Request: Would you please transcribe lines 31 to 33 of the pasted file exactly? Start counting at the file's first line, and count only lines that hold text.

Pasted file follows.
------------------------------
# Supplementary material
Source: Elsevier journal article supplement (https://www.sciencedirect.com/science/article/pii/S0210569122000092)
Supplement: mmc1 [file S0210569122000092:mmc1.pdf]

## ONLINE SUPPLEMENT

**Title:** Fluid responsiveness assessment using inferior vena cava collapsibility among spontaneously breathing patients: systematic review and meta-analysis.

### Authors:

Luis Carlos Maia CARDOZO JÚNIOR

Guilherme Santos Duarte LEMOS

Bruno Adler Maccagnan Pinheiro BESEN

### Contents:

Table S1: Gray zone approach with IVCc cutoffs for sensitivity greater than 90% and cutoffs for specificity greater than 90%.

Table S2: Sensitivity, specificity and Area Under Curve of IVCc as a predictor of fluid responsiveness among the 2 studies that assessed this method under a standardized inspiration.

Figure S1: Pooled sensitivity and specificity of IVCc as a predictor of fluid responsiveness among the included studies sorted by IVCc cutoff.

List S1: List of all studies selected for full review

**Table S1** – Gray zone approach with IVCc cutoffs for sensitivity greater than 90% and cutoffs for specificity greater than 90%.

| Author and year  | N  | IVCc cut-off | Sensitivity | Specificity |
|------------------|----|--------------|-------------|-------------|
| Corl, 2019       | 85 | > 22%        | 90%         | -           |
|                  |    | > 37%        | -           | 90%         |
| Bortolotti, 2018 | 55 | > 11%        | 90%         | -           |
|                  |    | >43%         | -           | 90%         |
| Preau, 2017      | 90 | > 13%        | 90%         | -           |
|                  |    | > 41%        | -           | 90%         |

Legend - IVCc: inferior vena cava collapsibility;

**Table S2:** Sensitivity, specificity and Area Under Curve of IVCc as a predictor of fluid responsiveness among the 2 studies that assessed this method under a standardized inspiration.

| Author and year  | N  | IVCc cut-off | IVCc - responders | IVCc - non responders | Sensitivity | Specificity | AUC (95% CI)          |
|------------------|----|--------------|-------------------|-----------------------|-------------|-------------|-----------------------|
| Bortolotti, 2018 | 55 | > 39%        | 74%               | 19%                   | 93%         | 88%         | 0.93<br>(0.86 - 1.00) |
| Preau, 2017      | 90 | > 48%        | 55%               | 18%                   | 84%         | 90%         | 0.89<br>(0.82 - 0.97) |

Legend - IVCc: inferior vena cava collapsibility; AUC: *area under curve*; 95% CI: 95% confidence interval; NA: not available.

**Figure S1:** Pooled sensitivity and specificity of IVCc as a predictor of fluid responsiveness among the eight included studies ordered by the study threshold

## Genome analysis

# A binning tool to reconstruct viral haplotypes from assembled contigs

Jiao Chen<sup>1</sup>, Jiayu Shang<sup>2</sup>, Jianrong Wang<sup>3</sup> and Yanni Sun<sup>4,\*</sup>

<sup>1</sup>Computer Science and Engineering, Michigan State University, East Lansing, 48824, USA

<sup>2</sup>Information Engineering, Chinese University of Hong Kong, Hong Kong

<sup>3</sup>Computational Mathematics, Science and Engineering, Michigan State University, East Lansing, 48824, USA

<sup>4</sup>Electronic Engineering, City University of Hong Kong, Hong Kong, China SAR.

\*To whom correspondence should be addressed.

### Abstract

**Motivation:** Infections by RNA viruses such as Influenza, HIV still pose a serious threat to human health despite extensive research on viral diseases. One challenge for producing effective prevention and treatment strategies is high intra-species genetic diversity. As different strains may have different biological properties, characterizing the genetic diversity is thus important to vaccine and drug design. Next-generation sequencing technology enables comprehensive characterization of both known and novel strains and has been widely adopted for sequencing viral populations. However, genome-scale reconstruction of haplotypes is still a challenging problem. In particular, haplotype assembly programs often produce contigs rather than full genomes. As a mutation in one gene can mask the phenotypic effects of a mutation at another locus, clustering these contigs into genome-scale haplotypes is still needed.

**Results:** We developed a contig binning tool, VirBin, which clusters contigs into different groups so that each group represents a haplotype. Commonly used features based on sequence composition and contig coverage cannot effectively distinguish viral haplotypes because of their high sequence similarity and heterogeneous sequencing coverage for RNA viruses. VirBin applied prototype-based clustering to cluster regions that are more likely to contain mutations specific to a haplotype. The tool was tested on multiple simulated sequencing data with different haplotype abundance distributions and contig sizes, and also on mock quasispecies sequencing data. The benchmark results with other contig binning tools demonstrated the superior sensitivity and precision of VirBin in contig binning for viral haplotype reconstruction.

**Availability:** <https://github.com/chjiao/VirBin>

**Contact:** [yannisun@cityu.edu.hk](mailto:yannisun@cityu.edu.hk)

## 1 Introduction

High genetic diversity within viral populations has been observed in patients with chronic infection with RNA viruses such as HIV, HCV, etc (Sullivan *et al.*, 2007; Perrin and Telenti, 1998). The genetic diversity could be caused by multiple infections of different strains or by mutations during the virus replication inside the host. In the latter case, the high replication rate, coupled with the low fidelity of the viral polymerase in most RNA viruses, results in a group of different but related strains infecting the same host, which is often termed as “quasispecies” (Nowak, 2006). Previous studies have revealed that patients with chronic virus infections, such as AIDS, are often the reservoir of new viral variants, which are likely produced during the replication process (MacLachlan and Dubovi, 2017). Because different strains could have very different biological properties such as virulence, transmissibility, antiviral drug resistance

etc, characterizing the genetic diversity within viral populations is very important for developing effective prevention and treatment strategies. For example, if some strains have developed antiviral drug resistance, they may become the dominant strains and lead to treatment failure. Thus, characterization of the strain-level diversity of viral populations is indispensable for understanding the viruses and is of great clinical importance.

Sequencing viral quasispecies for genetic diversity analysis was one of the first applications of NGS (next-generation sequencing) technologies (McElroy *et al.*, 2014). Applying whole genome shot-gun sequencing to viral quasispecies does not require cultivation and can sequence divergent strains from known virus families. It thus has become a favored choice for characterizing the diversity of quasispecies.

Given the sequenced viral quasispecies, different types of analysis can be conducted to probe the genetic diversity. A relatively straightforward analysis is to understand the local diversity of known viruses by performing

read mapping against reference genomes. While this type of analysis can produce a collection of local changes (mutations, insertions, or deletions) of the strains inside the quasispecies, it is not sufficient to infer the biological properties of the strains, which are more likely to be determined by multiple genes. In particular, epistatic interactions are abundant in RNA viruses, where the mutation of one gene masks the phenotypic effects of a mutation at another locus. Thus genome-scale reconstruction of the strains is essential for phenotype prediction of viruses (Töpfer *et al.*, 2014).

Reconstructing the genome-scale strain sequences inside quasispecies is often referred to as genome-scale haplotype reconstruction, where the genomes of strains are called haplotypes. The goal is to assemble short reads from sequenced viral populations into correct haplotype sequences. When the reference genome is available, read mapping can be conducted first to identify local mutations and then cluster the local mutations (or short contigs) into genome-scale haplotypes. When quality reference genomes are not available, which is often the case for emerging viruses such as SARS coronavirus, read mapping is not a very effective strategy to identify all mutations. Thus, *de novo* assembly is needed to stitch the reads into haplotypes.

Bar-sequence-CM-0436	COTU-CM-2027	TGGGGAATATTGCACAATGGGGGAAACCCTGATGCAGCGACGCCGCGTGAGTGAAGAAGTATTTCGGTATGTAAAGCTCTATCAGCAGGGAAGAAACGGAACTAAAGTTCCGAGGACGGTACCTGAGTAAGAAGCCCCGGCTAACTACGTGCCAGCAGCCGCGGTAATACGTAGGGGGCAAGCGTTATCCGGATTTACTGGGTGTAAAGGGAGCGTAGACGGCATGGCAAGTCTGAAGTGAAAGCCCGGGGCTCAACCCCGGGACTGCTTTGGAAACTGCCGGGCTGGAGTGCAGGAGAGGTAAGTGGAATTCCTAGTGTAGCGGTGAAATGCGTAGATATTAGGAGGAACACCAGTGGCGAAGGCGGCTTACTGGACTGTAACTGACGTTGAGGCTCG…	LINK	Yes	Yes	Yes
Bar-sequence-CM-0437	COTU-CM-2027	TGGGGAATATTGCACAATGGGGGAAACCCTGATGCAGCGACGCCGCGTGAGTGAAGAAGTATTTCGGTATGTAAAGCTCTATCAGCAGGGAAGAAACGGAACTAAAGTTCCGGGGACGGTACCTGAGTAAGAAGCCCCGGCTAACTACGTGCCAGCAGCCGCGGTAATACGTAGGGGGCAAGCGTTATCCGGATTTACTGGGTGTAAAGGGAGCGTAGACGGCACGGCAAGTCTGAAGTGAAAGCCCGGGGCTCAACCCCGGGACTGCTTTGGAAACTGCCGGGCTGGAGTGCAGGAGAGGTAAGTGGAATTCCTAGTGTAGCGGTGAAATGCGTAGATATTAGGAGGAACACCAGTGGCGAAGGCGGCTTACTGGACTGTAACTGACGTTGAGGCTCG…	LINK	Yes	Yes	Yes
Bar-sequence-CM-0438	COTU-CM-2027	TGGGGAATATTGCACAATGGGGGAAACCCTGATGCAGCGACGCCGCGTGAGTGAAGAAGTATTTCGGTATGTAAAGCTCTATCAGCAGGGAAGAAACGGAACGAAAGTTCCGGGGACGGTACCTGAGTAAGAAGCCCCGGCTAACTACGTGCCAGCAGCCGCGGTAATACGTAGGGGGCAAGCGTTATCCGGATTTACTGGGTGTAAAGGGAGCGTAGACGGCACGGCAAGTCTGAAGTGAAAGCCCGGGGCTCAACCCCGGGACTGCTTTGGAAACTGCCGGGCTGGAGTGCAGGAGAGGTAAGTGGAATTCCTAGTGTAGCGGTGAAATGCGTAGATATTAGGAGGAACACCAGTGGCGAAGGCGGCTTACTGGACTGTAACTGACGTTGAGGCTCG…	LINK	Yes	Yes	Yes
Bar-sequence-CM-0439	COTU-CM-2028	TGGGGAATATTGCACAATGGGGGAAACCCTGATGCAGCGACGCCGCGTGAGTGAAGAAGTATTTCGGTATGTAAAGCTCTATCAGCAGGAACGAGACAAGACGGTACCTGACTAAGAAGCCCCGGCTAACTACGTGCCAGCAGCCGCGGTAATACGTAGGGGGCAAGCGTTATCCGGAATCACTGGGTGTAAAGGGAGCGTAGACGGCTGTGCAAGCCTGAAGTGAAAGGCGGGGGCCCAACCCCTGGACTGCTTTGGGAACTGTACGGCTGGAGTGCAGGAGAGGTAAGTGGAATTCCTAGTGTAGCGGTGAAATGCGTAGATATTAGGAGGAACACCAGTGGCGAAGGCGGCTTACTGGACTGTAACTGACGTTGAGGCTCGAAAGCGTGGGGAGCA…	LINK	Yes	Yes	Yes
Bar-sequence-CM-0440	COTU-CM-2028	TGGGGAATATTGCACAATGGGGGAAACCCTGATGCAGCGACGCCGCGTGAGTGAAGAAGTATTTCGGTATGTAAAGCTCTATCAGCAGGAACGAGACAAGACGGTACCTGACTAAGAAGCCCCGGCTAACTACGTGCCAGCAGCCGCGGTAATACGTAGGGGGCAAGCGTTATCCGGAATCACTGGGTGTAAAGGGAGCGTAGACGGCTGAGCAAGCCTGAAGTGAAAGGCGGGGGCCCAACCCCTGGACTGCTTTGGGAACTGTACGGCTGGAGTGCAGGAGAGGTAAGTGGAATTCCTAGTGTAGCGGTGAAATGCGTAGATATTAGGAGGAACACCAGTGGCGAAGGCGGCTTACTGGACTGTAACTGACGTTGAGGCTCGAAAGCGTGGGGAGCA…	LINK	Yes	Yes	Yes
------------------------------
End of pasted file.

**Figure S1:** Pooled sensitivity and specificity of IVCc as a predictor of fluid responsiveness among the eight included studies ordered by the study threshold

## Genome analysis

# A binning tool to reconstruct viral haplotypes from assembled contigs